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Maraun M.,University of Gottingen | Erdmann G.,University of Gottingen | Fischer B.M.,University of Innsbruck | Pollierer M.M.,University of Gottingen | And 3 more authors.
Soil Biology and Biochemistry | Year: 2011

In this review we summarize our knowledge of using stable isotopes (15N/14N, 13C/12C) to better understand the trophic ecology of oribatid mites. Our aims are (a) to recapitulate the history of stable isotope research in soil animals with a focus on oribatid mites, (b) to present new stable isotope data for oribatid mites and overview the current state of knowledge of oribatid mite trophic niche differentiation, (c) to compile problems and limitations of stable isotope based analyses of trophic relationships and (d) to suggest future challenges, questions and problems that may be solved using stable isotope analyses and other novel techniques for improving our understanding on the trophic ecology of soil invertebrates. We conclude that (1) in addition to 15N/14N ratios, 13C/12C ratios contribute to our understanding of the trophic ecology of oribatid mites, allowing, e.g. separation of lichen- and moss-feeding species, (2) there likely are many lichen but few moss feeding oribatid mite species, (3) oribatid mite species that are endophagous as juveniles are separated by their stable isotope signatures from all other oribatid mite species, (4) fungivorous oribatid mite species cannot be separated further, e.g. the fungal taxa they feed on cannot be delineated. A particular problem in using stable isotope data is the difficulty in determining signatures for basal food resources, since decomposing material, fungi and lichens comprise various components differing in stable isotope signatures; 13C/12C ratios and potentially other isotopes may help in identifying the role of these resources for decomposer animal nutrition. © 2011 Elsevier Ltd. Source


Gericke D.,Rifcon GmbH
Journal of environmental science and health. Part. B, Pesticides, food contaminants, and agricultural wastes | Year: 2010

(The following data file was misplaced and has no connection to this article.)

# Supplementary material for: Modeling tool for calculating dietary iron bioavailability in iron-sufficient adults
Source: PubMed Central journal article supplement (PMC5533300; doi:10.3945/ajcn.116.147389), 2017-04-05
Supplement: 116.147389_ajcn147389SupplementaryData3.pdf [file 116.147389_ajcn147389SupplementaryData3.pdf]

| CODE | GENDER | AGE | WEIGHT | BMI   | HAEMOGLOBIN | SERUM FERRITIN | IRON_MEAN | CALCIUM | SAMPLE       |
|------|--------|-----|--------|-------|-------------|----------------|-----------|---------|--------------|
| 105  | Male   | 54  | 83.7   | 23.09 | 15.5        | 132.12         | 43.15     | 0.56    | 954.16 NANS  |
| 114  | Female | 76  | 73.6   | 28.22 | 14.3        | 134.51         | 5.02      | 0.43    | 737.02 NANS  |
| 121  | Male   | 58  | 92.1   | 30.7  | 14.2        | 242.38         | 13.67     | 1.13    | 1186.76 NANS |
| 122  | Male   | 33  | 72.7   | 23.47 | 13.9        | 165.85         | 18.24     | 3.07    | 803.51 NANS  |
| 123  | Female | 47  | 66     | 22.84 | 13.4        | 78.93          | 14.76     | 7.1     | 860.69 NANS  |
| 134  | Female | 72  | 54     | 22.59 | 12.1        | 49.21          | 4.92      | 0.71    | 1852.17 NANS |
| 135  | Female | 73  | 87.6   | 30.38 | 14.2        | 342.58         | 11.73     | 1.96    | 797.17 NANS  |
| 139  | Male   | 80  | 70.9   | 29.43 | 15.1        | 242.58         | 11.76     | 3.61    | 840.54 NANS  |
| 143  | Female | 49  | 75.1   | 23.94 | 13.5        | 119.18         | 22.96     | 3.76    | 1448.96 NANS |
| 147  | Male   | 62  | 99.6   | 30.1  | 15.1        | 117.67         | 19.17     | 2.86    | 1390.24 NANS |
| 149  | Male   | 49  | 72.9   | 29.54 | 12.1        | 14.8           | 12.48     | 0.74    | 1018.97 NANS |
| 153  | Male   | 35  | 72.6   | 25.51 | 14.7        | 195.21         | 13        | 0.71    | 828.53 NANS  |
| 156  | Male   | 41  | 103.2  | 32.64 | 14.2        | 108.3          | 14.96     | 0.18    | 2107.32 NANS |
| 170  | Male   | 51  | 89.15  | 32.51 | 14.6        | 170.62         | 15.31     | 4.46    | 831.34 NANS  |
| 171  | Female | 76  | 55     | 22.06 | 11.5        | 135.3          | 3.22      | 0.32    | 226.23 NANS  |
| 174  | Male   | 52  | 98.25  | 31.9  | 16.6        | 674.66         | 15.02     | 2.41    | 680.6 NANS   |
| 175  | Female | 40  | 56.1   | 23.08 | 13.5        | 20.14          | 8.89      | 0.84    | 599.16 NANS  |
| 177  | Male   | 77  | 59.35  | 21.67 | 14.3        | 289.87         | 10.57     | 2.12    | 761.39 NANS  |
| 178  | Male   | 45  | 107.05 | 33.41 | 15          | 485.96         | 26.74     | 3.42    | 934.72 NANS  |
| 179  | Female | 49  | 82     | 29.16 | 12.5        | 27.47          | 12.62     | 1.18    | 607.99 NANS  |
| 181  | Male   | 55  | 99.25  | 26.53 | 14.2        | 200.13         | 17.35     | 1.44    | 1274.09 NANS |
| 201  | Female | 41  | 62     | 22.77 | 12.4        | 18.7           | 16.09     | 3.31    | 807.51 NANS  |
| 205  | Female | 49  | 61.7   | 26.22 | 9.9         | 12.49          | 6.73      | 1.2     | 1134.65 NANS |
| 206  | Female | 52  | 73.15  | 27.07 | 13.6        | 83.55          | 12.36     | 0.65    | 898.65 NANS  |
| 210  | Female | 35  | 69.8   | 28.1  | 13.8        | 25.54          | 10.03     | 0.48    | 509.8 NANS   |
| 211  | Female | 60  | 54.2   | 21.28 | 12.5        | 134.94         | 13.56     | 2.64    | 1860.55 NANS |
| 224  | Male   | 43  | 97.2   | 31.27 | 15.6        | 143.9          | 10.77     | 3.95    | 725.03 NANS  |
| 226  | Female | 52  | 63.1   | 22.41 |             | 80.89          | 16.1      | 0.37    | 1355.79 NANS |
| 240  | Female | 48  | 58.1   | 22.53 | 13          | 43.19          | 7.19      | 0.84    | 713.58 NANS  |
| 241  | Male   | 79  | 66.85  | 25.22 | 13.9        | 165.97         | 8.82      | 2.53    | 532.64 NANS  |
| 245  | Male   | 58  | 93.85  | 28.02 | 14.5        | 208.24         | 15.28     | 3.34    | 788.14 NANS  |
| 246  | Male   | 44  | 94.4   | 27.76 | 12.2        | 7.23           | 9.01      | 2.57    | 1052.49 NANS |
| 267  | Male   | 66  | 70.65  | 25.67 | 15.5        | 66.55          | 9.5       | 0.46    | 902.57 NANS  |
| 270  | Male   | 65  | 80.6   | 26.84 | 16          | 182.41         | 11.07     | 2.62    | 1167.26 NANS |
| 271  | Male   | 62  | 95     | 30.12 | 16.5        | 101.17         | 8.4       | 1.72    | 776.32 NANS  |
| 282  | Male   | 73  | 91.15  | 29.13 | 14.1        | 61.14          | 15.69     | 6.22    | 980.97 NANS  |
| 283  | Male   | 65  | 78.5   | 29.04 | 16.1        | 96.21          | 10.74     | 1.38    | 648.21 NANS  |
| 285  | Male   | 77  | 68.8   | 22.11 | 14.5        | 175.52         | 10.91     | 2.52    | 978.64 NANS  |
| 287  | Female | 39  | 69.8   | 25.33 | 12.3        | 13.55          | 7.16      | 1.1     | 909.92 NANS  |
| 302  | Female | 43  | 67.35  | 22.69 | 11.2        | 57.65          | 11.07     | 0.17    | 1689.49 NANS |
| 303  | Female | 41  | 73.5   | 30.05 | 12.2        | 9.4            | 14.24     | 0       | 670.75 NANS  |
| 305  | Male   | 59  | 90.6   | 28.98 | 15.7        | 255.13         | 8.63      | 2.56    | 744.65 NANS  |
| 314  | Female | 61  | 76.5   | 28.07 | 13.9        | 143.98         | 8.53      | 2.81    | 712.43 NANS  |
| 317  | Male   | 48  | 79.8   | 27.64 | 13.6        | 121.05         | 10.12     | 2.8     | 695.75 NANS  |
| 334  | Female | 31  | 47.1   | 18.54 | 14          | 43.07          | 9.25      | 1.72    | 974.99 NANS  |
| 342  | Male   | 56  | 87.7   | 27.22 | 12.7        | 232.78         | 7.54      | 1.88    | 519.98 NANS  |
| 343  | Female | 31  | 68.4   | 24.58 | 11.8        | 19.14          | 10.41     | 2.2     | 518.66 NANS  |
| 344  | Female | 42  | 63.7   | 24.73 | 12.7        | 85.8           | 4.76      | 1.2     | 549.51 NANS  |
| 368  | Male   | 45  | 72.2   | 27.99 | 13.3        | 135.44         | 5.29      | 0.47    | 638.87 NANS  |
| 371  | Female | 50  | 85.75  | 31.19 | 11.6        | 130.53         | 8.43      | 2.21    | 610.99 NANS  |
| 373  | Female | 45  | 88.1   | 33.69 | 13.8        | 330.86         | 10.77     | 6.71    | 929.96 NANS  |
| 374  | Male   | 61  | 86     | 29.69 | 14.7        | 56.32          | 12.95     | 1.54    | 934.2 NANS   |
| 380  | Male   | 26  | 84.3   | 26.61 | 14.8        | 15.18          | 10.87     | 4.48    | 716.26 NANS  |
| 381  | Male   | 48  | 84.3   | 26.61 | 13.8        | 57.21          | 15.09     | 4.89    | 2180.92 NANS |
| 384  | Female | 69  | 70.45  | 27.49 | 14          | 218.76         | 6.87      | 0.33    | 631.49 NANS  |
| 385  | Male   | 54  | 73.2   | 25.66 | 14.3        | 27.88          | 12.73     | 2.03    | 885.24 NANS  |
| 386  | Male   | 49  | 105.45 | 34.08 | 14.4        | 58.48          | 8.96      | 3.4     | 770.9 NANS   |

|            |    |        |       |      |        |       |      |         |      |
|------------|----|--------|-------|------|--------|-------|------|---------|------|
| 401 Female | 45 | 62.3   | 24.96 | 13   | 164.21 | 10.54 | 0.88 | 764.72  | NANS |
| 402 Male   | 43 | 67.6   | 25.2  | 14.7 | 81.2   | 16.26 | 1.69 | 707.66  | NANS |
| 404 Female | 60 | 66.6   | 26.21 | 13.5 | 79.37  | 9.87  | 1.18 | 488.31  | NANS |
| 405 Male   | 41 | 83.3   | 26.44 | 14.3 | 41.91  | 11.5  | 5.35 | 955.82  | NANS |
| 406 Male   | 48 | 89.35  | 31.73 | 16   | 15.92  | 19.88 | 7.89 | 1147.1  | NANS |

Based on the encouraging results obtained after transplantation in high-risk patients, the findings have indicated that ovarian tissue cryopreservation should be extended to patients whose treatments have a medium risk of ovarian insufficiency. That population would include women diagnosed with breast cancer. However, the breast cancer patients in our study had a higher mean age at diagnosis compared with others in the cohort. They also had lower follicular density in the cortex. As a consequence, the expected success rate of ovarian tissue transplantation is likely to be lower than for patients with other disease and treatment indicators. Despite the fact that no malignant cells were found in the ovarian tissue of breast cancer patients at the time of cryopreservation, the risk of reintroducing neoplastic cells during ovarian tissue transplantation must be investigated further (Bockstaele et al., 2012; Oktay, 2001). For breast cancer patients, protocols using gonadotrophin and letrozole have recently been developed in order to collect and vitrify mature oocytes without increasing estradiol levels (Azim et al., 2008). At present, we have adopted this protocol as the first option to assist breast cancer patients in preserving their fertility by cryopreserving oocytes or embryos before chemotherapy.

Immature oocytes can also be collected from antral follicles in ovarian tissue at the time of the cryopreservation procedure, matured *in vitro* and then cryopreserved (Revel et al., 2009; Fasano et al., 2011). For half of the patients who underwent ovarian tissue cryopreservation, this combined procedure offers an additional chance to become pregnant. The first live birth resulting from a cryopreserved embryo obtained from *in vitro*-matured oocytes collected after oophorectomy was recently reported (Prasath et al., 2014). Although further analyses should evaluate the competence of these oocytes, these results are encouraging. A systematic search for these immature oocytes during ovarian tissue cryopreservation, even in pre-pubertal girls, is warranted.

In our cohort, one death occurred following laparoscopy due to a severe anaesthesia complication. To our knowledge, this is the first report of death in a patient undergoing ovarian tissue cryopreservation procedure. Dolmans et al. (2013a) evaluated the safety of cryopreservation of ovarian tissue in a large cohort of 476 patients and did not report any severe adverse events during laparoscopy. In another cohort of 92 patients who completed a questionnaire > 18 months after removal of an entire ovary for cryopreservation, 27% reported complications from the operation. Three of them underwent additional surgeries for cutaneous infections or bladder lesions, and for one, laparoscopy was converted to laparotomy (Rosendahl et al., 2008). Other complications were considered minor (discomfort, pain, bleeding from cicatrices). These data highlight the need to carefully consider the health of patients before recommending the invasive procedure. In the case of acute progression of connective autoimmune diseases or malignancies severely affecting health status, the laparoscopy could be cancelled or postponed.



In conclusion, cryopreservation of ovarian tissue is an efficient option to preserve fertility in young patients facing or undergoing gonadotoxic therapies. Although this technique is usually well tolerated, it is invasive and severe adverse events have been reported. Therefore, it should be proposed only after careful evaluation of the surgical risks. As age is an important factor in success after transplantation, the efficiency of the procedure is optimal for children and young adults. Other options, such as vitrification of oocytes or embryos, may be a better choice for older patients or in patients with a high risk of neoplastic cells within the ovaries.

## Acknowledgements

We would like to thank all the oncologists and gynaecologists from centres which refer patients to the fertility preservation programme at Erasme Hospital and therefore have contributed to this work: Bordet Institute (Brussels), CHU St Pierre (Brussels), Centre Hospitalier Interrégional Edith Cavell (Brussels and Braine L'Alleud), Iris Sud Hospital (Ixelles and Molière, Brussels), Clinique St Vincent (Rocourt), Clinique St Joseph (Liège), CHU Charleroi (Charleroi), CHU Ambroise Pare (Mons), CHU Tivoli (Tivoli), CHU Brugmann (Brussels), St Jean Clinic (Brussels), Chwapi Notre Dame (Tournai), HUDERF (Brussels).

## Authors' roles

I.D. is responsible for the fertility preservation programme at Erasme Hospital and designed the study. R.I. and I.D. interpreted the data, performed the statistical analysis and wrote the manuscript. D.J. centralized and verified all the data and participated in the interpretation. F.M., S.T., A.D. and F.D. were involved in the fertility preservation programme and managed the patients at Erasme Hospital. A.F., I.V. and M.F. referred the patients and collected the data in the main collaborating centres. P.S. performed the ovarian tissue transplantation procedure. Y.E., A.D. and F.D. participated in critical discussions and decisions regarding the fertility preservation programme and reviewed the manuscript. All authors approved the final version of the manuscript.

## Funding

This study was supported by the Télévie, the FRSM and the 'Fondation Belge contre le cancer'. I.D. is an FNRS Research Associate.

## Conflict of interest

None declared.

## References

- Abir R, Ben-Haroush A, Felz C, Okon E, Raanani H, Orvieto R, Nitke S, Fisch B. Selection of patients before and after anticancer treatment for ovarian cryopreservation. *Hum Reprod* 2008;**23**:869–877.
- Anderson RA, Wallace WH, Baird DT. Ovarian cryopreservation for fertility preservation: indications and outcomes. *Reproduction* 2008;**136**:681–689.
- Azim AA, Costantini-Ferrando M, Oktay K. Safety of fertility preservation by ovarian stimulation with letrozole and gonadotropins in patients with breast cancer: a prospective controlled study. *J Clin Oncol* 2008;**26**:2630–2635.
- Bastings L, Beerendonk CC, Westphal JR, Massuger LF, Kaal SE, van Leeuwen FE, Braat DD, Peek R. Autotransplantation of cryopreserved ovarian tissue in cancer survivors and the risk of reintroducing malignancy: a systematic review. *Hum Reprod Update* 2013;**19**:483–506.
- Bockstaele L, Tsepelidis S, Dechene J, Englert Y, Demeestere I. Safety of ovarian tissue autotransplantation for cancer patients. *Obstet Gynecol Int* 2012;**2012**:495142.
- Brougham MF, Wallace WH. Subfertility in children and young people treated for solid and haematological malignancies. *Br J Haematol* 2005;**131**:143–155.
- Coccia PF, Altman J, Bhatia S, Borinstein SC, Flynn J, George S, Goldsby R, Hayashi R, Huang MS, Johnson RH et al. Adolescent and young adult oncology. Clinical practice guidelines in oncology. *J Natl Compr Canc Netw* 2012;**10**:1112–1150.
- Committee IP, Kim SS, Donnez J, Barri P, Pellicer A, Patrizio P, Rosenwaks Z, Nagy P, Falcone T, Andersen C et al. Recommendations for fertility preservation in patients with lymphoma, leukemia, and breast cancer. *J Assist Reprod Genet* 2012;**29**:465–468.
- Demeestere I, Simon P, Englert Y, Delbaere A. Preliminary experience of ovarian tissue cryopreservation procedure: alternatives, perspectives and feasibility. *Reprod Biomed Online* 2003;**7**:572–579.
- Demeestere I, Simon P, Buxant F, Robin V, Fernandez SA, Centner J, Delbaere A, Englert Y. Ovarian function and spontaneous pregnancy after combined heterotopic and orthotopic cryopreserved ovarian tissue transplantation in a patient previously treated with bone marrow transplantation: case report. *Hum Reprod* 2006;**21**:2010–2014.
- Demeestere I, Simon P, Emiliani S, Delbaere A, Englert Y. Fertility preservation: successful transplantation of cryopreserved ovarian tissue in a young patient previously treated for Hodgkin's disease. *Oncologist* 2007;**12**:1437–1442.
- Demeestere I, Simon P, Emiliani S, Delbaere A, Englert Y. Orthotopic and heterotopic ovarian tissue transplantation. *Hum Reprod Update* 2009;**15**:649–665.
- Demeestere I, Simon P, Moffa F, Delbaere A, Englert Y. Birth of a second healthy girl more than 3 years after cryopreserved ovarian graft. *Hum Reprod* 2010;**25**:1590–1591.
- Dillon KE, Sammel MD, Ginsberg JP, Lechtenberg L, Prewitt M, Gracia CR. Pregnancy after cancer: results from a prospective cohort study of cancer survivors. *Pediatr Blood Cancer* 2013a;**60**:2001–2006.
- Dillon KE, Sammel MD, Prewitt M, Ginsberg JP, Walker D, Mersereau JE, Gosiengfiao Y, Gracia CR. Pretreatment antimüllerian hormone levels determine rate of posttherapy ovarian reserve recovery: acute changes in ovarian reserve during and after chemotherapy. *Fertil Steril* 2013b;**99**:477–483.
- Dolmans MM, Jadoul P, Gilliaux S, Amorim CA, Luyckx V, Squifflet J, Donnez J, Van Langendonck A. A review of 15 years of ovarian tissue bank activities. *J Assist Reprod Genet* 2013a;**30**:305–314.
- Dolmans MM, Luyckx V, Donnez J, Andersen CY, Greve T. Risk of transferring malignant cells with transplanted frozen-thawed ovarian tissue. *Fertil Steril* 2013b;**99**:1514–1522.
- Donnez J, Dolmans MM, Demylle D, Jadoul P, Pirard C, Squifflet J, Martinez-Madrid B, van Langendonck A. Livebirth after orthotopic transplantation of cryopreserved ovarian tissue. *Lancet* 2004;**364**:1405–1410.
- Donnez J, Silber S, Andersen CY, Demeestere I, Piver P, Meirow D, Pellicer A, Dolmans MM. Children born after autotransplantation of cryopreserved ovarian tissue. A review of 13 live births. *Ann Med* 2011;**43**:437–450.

According to the EU directive 91/414/EEC potential environmental concentrations of pesticides have to be assessed with environmental fate models. For the calculation of pesticide concentrations it is necessary to provide an application date which has to match the specific Biologische Bundesanstalt, Bundesamt, Chemische Industrie (BBCH) stage at which the pesticide shall be applied. If these application dates are not available for a specific stage, crop and country they must be estimated, which adds an additional uncertainty to the predicted concentrations. In the present study, we therefore evaluate to which extent application dates can be derived from phenological data. For this analysis phenological data, converted to BBCH stages, of two field crops provided by the German Weather Service (DWD) were analyzed. We found a linear correlation between BBCH stages and the respective appearance dates, which can be used for interpolation of appearance dates of specific BBCH stages. Remarkably, when comparing BBCH stages from Germany and the Czech Republic almost identical correlations of appearance dates and BBCH stages were found. In the next step, soil and climate data from Joint Research Centre (JRC) were analyzed together with phenological data in order to evaluate if BBCH stages can be estimated for countries with other climate or soil conditions. This analysis revealed that temperature, global radiation and evaporation were the parameters with the strongest impact. These parameters were used for estimating appearance dates of BBCH stages for other countries. Exemplarily, appearance dates for maize BBCH were calculated for Italy. Estimated and observed appearance dates showed a high concordance (on average six days difference). Finally, the political of impact a variation of a few days on calculated pesticide concentration was analyzed. Exemplarily, the pesticide fate model FOCUS PEARL was used to estimate pesticide groundwater concentrations. When calculating concentrations for application dates varying by ± two weeks, concentrations in groundwater usually varied very little. The highest variation was found for application at BBCH 30 in maize (6.6 % variation over all scenarios). These results showed that the uncertainty included in the estimation of appearance dates of BBCH stages for other countries has a relatively small effect on the results of PEARL and consequentially on the decision of the pesticide risk assessment by changing only the application date. Source